Eby Kurian will speak to the Friendswood Prayer Breakfast which begins at 7:10 a.m. Aug. 17 at Mary Queen Catholic Church, 606 Cedarwood Drive in Friendswood.
Kurian serves as the Director of Adult Faith Formation there and has served as a campus minister and a communications manager for various Catholic agencies.”
“Eby has been an inspiration to our parish,” said lay leader Carmelo Gomez for the church. “I have attended all of his new faith programs and have appreciated his efforts and fresh ideas. I pray our Friendswood prayer community will enjoy his talk.”
There’s a suggested $5 to cover the cost of breakfast.
For reservations for details, call 713-408-4785.
Texas City’s Greater Macedonia Baptist Church will host a Praise Celebration at 5 p.m. Saturday at 401 3rd. Ave. N. A number of local praise singing groups as well as youth choirs will perform.
“You will be blessed,” said Minister Jeff Maxey for Greater. “Come out and help us glorify our Lord and savior Jesus with song and dance. It’s a back-to-school praise celebration where praise teams and youth choirs will come together worshiping in the spirit of unity.”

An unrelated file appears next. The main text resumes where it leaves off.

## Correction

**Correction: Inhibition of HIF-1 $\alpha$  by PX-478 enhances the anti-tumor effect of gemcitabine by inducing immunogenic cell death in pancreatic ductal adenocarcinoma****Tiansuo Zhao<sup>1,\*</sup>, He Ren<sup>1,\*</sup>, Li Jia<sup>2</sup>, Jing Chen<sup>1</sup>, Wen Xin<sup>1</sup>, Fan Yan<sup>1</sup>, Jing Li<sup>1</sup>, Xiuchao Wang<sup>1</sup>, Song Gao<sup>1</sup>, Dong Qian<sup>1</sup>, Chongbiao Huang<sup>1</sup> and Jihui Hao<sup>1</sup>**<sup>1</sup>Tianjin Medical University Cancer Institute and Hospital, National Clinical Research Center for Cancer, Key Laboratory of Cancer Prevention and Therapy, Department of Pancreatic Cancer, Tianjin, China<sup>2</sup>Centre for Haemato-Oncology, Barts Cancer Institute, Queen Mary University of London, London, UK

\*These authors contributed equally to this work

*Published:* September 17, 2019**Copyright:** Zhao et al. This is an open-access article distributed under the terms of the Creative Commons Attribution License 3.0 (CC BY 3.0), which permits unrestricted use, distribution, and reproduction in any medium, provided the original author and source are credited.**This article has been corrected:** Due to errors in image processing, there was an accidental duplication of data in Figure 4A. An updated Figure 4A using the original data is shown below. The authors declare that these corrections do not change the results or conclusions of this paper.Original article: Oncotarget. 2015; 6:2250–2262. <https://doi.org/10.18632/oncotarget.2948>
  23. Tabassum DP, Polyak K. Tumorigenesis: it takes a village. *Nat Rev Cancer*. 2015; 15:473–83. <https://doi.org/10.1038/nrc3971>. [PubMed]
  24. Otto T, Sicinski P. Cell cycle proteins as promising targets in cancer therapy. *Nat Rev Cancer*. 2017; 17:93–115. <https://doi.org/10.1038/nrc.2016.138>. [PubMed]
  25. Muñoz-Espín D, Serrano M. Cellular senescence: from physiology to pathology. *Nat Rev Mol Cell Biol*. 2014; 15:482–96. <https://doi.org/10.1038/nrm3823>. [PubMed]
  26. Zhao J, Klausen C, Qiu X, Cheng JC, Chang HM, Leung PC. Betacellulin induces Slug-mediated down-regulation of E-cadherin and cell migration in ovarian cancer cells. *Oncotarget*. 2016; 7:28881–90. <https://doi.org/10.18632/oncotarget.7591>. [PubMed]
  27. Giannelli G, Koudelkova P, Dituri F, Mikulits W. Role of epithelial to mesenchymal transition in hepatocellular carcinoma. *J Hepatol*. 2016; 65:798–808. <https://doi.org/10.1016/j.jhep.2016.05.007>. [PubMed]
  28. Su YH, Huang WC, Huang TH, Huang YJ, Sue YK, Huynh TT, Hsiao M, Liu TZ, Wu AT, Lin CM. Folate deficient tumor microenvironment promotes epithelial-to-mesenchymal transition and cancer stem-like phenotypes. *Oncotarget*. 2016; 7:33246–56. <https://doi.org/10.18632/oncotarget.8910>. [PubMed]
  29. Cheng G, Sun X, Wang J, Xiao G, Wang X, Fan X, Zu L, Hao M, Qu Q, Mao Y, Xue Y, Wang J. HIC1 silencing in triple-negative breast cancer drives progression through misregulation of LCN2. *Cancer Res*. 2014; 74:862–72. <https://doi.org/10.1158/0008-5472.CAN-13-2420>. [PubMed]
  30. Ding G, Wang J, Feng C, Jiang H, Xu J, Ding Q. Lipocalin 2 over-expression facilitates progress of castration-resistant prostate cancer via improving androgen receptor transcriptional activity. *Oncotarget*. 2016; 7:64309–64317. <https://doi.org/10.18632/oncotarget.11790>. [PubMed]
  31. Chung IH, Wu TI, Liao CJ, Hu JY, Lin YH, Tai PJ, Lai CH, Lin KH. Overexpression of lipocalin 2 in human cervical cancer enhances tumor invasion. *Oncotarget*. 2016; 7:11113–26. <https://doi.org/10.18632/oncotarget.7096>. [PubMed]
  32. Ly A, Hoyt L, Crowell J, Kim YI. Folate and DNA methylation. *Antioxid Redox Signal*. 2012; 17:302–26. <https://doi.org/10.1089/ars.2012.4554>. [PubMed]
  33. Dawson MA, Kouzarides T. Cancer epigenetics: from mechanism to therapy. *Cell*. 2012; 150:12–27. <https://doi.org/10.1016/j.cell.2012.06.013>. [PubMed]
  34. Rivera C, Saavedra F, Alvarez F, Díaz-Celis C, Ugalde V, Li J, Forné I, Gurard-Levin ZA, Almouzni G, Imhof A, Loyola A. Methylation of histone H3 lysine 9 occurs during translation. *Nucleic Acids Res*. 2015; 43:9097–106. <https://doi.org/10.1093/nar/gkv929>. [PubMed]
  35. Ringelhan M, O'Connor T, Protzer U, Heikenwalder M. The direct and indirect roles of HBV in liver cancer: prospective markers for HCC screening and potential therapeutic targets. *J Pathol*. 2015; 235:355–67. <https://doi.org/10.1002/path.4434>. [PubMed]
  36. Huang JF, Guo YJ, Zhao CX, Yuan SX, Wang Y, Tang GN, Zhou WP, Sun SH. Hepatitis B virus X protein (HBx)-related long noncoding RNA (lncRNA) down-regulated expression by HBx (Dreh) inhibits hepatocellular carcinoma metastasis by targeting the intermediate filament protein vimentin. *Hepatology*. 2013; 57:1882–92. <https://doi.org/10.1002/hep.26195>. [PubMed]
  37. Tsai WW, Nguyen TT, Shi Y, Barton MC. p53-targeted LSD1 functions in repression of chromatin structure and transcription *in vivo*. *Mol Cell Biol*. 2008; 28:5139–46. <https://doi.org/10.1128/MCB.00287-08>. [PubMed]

For details, call 409-948-3993.
Update: It might feel like faith is losing out to Facebook, but there may be hope according to a new note in Christianity Today magazine.
“For the first time in at least a decade, Americans now view churches and other religious organizations more favorably than the technology companies whose services and devices denominate daily life,” the publication reported last week.
Speculation was that perceived privacy violations by large tech firms had dimmed their luster with the public more than a little bit.
In the news: Christian thinkers like Albert Mohler may be rightly concerned that Christian colleges and para-church organizations could lose their tax exemptions under a future, politically-correct administration, but in Europe, the exact opposite has been true for centuries. Rather than taxing churches, the government rewards them with tax dollars.
Six nations in Europe tax some citizens to directly support their state churches. Denmark, Austria, Switzerland, Sweden, Germany and Finland all have an extremely different take on ‘church and state’ when it comes to taxes and their official, national churches.
Surprisingly, the taxes are routinely accepted and approved in each country with up to 80 percent of those paying such fees — which they could escape by simply deregistering from the state church. In addition to the direct taxes on members, an additional subsidy is often provided to these churches provided from the national government.
In England, no such arrangement exists, but there is a law on the books that allows about half of all residences to be levied if the local Anglican house of worship needs repair.
The Guardian newspaper notes one specific case, reporting, “In 2008, one couple in the West Midlands was forced to pay more than £200,000 towards the upkeep of their parish church after an appeal to the House of Lords failed.”
For details, search for “Pew Research” online.